Firms in competitive marketsAn industry is a group of firms which produce similar products.The total output of an industry is the output of firms within thatindustry.A characteristic of an industry is they can have varying numbersof firms making up the output.Microsoft is the only supplier of ‘Windows’ products.However, the UK has over 100,000 farms producing agriculturalproducts.
In the next couple of lectures we will be examining why someindustries have many producers, some a few and others onlyone.Initially we will examine two special benchmark cases, which willhelp us understand what determines market structure and thebehaviour of sellers, perfect competition and monopoly.
Characteristics of a perfectly competitive market•there are many buyers and sellers in the market therefore actions of any single buyer or seller has no affect on marketprices• firms take the market price as given as a result have a horizontal demand curve• the product sold by all firms is the same – homogeneous• there is perfect customer information• firms can freely enter or exit the market
Objective of a perfectly competitive firm•The goal of a competitive firm is to maximise profits•Maximum profits are where the difference between total costsand total revenue is greatest•Profit maximisation is found where marginal costs equalsmarginal revenueΠ max where MC = MR
REVISIONMaximizing profitsOutputQ1EMC,MRMCMR0If MR > MC, an increasein output will increaseprofits.If MR < MC, a decreasein output will increaseprofits.So profits are maximizedwhen MR = MC at Q1(so long as the firmcovers variable costs)
The supply curve under perfect competition (1)• Above price P3 (pointC), the firm makes profitabove the opportunitycost of capital in theshort run• At price P3, (point C),the firm makesNORMAL PROFITSP1£OutputSAVCSMCQ1SATCP3ACQ3
The supply curve under perfect competition (2)• Between P1 and P3, (Aand C), the firm makesshort-run losses, butremains in the market• Below P1 (the SHUT-DOWN PRICE), the firmfails to cover SAVC, andexitsP1£OutputSAVCSMCQ1SATCP3ACQ3
The supply curve under perfect competition (3)– showing how much thefirm would produce ateach price level.P1£OutputSAVCSMCQ1SATCP3ACQ3• So the SMC curve above SAVCrepresents the firm’s SHORT-RUN SUPPLY CURVE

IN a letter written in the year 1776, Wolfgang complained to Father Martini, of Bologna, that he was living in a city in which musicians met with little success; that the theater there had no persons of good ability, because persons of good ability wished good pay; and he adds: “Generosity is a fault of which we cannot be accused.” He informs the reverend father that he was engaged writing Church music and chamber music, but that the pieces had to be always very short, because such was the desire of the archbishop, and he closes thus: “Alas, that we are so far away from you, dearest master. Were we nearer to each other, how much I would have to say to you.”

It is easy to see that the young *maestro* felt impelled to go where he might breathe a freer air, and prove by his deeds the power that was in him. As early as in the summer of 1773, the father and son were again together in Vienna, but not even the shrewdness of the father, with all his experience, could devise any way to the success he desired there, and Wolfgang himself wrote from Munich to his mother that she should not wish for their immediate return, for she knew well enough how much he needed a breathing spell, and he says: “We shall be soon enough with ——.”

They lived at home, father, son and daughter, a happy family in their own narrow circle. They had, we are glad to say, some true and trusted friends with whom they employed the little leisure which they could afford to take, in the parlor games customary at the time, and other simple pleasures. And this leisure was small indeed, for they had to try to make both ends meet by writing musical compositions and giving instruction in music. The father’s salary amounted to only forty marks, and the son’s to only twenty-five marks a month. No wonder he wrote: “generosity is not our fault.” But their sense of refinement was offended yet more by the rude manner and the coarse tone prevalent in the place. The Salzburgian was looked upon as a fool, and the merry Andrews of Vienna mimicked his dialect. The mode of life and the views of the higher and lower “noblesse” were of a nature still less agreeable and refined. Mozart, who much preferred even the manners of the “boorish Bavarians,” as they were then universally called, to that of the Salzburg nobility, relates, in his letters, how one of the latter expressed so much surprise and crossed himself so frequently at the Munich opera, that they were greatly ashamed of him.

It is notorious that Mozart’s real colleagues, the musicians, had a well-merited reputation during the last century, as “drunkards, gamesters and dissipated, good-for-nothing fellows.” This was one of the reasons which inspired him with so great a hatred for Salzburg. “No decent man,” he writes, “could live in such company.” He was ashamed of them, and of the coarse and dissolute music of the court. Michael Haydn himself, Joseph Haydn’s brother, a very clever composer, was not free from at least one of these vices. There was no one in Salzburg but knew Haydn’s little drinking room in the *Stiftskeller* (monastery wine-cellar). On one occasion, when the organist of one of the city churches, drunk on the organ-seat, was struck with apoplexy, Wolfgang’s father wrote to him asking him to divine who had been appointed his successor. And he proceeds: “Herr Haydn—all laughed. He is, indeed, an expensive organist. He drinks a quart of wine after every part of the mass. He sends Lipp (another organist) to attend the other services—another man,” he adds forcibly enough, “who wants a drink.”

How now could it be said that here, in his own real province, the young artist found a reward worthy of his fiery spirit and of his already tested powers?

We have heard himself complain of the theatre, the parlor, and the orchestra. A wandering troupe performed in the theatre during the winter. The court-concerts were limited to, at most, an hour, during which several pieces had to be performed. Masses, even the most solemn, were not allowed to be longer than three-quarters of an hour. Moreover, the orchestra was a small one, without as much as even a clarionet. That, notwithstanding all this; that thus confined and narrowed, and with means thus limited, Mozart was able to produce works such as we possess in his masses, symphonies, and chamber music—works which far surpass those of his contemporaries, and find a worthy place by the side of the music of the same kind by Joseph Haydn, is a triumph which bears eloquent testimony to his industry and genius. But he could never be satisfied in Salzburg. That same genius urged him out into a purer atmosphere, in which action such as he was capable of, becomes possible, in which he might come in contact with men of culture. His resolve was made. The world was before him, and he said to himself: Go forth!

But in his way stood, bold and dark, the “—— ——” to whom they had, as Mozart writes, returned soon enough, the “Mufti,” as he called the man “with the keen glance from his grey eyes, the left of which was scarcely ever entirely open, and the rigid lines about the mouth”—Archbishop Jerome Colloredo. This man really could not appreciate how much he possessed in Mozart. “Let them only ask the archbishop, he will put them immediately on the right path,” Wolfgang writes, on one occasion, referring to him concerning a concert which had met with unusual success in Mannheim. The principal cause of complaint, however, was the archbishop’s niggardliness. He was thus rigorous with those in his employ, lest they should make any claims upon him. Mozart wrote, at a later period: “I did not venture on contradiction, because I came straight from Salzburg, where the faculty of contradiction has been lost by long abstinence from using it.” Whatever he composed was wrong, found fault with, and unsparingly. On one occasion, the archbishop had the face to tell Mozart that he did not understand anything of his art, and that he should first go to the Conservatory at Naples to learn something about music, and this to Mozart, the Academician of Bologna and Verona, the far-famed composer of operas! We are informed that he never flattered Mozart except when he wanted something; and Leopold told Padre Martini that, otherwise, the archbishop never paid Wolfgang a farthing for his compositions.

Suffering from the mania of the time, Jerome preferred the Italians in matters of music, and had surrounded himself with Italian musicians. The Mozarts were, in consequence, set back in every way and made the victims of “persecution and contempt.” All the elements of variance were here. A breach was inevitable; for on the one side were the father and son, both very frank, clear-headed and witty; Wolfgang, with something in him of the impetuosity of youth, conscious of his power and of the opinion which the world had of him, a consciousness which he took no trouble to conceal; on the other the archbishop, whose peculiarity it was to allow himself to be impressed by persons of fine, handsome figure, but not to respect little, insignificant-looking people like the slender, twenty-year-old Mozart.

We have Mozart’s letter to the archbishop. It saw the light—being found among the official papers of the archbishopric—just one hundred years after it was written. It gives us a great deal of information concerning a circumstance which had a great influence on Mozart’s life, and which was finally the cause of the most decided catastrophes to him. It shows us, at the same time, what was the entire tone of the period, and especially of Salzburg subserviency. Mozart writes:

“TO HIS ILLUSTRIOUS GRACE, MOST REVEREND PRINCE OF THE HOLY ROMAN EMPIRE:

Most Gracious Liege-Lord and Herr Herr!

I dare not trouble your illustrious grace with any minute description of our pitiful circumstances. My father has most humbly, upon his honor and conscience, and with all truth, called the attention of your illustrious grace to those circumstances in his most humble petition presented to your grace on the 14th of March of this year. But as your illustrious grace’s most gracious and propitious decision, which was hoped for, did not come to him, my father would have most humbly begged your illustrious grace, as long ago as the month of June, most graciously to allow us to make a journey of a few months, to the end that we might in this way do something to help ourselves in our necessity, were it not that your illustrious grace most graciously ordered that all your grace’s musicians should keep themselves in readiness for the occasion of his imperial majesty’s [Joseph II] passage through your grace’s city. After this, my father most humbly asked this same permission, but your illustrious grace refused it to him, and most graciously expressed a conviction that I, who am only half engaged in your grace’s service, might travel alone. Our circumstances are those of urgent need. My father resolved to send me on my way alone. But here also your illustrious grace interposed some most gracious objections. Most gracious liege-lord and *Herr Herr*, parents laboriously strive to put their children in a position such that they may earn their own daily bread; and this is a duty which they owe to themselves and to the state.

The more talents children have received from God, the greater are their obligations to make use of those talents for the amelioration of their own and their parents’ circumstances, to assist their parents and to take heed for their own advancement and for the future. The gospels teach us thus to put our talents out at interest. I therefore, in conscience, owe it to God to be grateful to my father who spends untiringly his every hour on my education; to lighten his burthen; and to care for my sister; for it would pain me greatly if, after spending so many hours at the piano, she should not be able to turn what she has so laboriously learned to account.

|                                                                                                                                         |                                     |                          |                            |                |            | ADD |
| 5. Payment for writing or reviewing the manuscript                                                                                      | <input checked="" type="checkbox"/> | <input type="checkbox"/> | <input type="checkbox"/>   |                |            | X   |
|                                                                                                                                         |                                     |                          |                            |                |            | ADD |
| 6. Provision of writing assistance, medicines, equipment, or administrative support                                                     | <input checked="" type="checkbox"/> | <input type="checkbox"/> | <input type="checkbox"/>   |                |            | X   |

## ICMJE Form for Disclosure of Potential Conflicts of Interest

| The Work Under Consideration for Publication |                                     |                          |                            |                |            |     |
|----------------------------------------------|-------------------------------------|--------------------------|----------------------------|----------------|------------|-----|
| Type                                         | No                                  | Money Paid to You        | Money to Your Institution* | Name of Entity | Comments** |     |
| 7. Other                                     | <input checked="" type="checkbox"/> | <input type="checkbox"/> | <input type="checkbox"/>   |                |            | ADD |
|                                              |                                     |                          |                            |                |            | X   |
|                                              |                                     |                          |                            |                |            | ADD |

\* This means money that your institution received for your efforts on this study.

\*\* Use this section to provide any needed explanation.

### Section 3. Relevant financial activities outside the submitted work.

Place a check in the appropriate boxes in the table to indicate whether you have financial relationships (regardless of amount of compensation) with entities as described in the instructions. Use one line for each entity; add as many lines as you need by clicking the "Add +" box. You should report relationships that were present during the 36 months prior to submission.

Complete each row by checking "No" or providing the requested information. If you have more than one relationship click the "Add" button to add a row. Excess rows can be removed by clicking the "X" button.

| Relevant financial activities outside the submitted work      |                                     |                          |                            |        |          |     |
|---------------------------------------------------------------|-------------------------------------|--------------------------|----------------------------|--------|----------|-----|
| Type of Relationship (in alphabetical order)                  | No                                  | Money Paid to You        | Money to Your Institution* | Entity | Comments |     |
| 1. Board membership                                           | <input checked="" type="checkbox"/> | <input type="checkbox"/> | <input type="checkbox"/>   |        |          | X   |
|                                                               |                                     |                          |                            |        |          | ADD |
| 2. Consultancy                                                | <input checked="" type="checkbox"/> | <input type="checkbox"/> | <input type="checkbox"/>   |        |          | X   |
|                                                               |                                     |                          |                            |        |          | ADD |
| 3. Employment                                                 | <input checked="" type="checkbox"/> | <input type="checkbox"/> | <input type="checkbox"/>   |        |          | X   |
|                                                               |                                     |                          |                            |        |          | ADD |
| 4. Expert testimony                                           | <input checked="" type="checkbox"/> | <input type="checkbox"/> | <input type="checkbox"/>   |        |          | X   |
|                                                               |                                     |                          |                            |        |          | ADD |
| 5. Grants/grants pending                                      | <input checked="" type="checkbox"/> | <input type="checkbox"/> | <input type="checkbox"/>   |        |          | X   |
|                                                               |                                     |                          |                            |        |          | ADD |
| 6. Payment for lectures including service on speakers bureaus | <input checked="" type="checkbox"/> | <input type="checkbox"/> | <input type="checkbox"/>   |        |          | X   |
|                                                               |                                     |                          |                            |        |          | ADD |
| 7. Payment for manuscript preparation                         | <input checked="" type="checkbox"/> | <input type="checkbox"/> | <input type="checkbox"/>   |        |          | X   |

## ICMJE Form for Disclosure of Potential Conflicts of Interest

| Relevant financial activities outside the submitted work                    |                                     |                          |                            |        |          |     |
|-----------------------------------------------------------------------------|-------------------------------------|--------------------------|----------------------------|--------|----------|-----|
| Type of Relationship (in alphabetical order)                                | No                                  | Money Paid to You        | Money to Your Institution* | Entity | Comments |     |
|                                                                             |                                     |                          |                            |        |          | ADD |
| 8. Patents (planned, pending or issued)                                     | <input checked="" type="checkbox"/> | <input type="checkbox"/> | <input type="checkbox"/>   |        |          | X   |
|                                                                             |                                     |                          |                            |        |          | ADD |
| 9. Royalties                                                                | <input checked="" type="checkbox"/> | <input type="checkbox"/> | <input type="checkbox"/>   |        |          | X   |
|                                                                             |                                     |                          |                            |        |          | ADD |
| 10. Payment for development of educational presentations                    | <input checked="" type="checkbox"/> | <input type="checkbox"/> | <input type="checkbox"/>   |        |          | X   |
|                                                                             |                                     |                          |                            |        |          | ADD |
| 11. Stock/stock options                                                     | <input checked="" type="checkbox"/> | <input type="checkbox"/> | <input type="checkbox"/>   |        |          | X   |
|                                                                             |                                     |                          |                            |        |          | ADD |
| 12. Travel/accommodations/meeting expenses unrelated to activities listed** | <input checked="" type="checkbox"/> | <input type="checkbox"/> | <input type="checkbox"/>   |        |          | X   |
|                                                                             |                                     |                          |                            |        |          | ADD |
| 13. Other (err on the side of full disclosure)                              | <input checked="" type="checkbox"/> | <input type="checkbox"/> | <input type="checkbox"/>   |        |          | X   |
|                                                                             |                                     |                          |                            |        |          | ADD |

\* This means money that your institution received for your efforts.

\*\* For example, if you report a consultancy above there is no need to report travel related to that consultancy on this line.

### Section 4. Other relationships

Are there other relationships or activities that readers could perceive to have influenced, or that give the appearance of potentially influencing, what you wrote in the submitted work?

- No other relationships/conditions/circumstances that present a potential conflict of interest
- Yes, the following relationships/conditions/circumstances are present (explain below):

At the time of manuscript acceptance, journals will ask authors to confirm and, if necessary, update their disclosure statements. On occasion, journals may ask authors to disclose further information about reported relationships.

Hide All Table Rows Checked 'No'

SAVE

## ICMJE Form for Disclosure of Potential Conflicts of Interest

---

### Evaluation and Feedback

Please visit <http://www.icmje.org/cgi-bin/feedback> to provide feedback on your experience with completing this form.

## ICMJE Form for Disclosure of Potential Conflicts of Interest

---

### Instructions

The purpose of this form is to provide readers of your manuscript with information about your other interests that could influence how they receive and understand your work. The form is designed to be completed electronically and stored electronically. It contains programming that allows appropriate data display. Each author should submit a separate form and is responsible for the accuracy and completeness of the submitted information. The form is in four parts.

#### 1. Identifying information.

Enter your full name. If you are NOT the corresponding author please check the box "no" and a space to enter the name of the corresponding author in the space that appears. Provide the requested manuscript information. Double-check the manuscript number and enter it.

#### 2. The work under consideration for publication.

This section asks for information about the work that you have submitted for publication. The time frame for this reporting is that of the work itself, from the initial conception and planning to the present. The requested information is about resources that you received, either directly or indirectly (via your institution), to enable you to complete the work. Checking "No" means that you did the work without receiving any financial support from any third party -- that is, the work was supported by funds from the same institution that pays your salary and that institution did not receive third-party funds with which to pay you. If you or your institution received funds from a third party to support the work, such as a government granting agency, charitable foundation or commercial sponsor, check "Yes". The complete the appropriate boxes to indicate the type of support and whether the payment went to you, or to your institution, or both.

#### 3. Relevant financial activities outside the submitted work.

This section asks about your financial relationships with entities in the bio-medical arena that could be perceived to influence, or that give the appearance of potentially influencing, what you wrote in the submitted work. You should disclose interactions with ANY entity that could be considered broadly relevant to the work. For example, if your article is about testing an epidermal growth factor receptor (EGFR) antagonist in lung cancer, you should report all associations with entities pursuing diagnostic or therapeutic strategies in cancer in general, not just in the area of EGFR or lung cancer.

The firm and the industry in the short rununder perfect competition (1)INDUSTRYOutput£QPSRSSDFirmSACP£OutputSMCD=MR=ARq
The firm and the industry in the short rununder perfect competition (1)INDUSTRYOutput£QPSRSSDFirmMarket price is set at industry level at the intersection ofdemand and supply– the industry supply curve is the sum of the individual firm’ssupply curvesSACP£OutputSMCD=MR=ARq
The firm and the industry in the short rununder perfect competition (2)INDUSTRYFirmThe firm accepts price as given at P– and chooses output at q where SMC=MR to maximize profitsSACP£OutputSMCD=MR=ARqOutput£QPSRSSD
The firm and the industry in the short rununder perfect competition (3)INDUSTRYOutput£QPSRSSDAt this price, profits are shown by the shaded area.These profits attract new entrants into the industry.As more firms join the market, the industry supply curve shiftsto the right, and market price falls.SRSS1P1SACFirmP£OutputSMCD=MR=ARq Q1
Long-run equilibriumINDUSTRYFirmLACP*£OutputLMCD=MR=ARq*The market settles in long-run equilibrium when the typicalfirm just makes normal profit by setting LMC=MR at the minimumpoint of LAC. Long-run industry supply is horizontal.If the expansion of the industry pushes up input prices (e.g. wages)then the long-run supply curve will not be horizontal, but upward-sloping.SRSSDOutput£QP*LRSS
A Shift in Demand in the Short Run andLong Run• An increase in demand raises price and quantityin the short run.• Firms earn profits because price now exceedsaverage total cost.
An Increase in Demand in the Short Run and Long RunFirm(a) Initial ConditionQuantity (firm)0PriceMarketQuantity (market)Price0DDemand, 1SShort-run supply, 1P1ATCLong-runsupplyP11QAMC1q
Why the Long-Run Supply Curve Might Slope UpwardWhilst a constant Long-Run supply curve may exist other casesare possible.For example, when an industry expands its output, the increaseddemand for inputs (materials, labour etc.) may lead to anincrease in their prices.This shifts up the average cost curve, reducing profits, attractingfewer firms and price settles above P1 resulting in an upwardsloping long-run supply curve.If input costs fall as a result of increased demand, the long-runsupply curve may be downward sloping.